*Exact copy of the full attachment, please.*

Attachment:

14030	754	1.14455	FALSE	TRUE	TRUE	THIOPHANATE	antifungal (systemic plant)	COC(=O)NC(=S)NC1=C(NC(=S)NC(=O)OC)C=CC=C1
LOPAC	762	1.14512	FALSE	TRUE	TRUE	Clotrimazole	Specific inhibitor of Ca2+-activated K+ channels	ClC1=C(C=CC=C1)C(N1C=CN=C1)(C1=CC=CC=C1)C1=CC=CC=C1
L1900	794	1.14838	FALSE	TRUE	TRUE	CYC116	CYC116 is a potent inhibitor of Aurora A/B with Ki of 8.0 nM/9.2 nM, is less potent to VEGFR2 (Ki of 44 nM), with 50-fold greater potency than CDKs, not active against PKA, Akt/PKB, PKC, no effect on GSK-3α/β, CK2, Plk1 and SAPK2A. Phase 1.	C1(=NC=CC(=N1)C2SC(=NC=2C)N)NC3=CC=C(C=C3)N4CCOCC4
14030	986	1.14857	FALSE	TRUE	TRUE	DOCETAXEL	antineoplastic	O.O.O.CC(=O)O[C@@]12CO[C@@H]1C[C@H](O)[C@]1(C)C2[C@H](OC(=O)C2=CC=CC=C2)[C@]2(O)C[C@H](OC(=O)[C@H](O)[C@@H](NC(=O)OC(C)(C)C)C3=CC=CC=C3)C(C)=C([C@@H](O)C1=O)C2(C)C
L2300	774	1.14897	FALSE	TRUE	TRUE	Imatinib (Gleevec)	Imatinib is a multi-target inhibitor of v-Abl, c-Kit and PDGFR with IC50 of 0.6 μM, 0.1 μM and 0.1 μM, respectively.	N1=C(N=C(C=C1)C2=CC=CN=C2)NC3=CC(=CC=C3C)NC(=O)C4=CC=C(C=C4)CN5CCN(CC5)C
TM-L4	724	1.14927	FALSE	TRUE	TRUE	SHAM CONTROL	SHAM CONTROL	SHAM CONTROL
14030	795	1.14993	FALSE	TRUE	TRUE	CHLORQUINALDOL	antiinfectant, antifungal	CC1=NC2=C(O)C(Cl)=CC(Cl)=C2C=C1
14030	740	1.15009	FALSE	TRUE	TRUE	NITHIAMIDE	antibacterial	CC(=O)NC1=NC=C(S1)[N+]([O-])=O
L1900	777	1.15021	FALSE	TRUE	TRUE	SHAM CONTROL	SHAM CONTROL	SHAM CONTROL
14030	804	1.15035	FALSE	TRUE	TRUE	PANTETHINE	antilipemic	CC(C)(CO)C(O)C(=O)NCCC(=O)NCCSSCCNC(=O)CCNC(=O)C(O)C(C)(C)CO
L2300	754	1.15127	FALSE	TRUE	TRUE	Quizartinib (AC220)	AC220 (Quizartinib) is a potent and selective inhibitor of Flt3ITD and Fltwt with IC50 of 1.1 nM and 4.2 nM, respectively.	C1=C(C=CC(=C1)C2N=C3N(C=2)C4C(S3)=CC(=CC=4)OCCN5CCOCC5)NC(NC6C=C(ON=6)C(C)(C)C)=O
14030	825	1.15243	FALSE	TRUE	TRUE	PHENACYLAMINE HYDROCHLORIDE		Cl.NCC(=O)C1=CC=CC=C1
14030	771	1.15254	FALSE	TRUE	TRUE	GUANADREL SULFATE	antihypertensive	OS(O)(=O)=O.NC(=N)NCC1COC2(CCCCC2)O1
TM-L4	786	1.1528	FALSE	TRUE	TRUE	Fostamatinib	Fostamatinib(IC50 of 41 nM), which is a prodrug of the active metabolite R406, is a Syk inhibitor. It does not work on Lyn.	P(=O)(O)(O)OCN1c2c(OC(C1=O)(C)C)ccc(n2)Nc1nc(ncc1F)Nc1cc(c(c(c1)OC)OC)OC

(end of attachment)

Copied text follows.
14030	754	1.14455	FALSE	TRUE	TRUE	THIOPHANATE	antifungal (systemic plant)	COC(=O)NC(=S)NC1=C(NC(=S)NC(=O)OC)C=CC=C1
LOPAC	762	1.14512	FALSE	TRUE	TRUE	Clotrimazole	Specific inhibitor of Ca2+-activated K+ channels	ClC1=C(C=CC=C1)C(N1C=CN=C1)(C1=CC=CC=C1)C1=CC=CC=C1
L1900	794	1.14838	FALSE	TRUE	TRUE	CYC116	CYC116 is a potent inhibitor of Aurora A/B with Ki of 8.0 nM/9.2 nM, is less potent to VEGFR2 (Ki of 44 nM), with 50-fold greater potency than CDKs, not active against PKA, Akt/PKB, PKC, no effect on GSK-3α/β, CK2, Plk1 and SAPK2A. Phase 1.	C1(=NC=CC(=N1)C2SC(=NC=2C)N)NC3=CC=C(C=C3)N4CCOCC4
14030	986	1.14857	FALSE	TRUE	TRUE	DOCETAXEL	antineoplastic	O.O.O.CC(=O)O[C@@]12CO[C@@H]1C[C@H](O)[C@]1(C)C2[C@H](OC(=O)C2=CC=CC=C2)[C@]2(O)C[C@H](OC(=O)[C@H](O)[C@@H](NC(=O)OC(C)(C)C)C3=CC=CC=C3)C(C)=C([C@@H](O)C1=O)C2(C)C
L2300	774	1.14897	FALSE	TRUE	TRUE	Imatinib (Gleevec)	Imatinib is a multi-target inhibitor of v-Abl, c-Kit and PDGFR with IC50 of 0.6 μM, 0.1 μM and 0.1 μM, respectively.	N1=C(N=C(C=C1)C2=CC=CN=C2)NC3=CC(=CC=C3C)NC(=O)C4=CC=C(C=C4)CN5CCN(CC5)C
TM-L4	724	1.14927	FALSE	TRUE	TRUE	SHAM CONTROL	SHAM CONTROL	SHAM CONTROL
14030	795	1.14993	FALSE	TRUE	TRUE	CHLORQUINALDOL	antiinfectant, antifungal	CC1=NC2=C(O)C(Cl)=CC(Cl)=C2C=C1
14030	740	1.15009	FALSE	TRUE	TRUE	NITHIAMIDE	antibacterial	CC(=O)NC1=NC=C(S1)[N+]([O-])=O
L1900	777	1.15021	FALSE	TRUE	TRUE	SHAM CONTROL	SHAM CONTROL	SHAM CONTROL
14030	804	1.15035	FALSE	TRUE	TRUE	PANTETHINE	antilipemic	CC(C)(CO)C(O)C(=O)NCCC(=O)NCCSSCCNC(=O)CCNC(=O)C(O)C(C)(C)CO
L2300	754	1.15127	FALSE	TRUE	TRUE	Quizartinib (AC220)	AC220 (Quizartinib) is a potent and selective inhibitor of Flt3ITD and Fltwt with IC50 of 1.1 nM and 4.2 nM, respectively.	C1=C(C=CC(=C1)C2N=C3N(C=2)C4C(S3)=CC(=CC=4)OCCN5CCOCC5)NC(NC6C=C(ON=6)C(C)(C)C)=O
14030	825	1.15243	FALSE	TRUE	TRUE	PHENACYLAMINE HYDROCHLORIDE		Cl.NCC(=O)C1=CC=CC=C1
14030	771	1.15254	FALSE	TRUE	TRUE	GUANADREL SULFATE	antihypertensive	OS(O)(=O)=O.NC(=N)NCC1COC2(CCCCC2)O1
TM-L4	786	1.1528	FALSE	TRUE	TRUE	Fostamatinib	Fostamatinib(IC50 of 41 nM), which is a prodrug of the active metabolite R406, is a Syk inhibitor. It does not work on Lyn.	P(=O)(O)(O)OCN1c2c(OC(C1=O)(C)C)ccc(n2)Nc1nc(ncc1F)Nc1cc(c(c(c1)OC)OC)OC